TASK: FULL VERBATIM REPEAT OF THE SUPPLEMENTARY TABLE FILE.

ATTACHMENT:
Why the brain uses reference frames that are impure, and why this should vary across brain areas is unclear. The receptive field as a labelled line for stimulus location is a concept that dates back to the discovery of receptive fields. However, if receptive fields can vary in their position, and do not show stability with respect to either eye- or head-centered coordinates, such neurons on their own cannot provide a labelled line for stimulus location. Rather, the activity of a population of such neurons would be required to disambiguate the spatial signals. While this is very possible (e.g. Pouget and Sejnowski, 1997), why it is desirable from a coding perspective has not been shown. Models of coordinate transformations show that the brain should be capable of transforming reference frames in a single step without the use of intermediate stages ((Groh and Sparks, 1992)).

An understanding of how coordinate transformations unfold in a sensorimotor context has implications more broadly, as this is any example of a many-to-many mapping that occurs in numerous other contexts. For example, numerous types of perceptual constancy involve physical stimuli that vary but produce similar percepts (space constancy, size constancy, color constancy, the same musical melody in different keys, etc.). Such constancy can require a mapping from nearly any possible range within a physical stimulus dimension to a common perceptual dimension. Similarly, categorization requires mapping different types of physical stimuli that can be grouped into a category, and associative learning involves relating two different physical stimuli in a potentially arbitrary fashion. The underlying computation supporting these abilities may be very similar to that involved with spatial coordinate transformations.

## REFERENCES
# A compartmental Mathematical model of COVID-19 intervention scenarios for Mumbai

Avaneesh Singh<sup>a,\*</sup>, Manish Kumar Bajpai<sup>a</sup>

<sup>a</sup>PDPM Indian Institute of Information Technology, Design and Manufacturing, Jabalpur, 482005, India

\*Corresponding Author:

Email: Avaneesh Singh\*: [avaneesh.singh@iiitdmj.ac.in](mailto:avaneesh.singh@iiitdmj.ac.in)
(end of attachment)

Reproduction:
Why the brain uses reference frames that are impure, and why this should vary across brain areas is unclear. The receptive field as a labelled line for stimulus location is a concept that dates back to the discovery of receptive fields. However, if receptive fields can vary in their position, and do not show stability with respect to either eye- or head-centered coordinates, such neurons on their own cannot provide a labelled line for stimulus location. Rather, the activity of a population of such neurons would be required to disambiguate the spatial signals. While this is very possible (e.g. Pouget and Sejnowski, 1997), why it is desirable from a coding perspective has not been shown. Models of coordinate transformations show that the brain should be capable of transforming reference frames in a single step without the use of intermediate stages ((Groh and Sparks, 1992)).

An understanding of how coordinate transformations unfold in a sensorimotor context has implications more broadly, as this is any example of a many-to-many mapping that occurs in numerous other contexts. For example, numerous types of perceptual constancy involve physical stimuli that vary but produce similar percepts (space constancy, size constancy, color constancy, the same musical melody in different keys, etc.). Such constancy can require a mapping from nearly any possible range within a physical stimulus dimension to a common perceptual dimension. Similarly, categorization requires mapping different types of physical stimuli that can be grouped into a category, and associative learning involves relating two different physical stimuli in a potentially arbitrary fashion. The underlying computation supporting these abilities may be very similar to that involved with spatial coordinate transformations.

## REFERENCES
# A compartmental Mathematical model of COVID-19 intervention scenarios for Mumbai

Avaneesh Singh<sup>a,\*</sup>, Manish Kumar Bajpai<sup>a</sup>

<sup>a</sup>PDPM Indian Institute of Information Technology, Design and Manufacturing, Jabalpur, 482005, India

\*Corresponding Author:

Email: Avaneesh Singh\*: [avaneesh.singh@iiitdmj.ac.in](mailto:avaneesh.singh@iiitdmj.ac.in)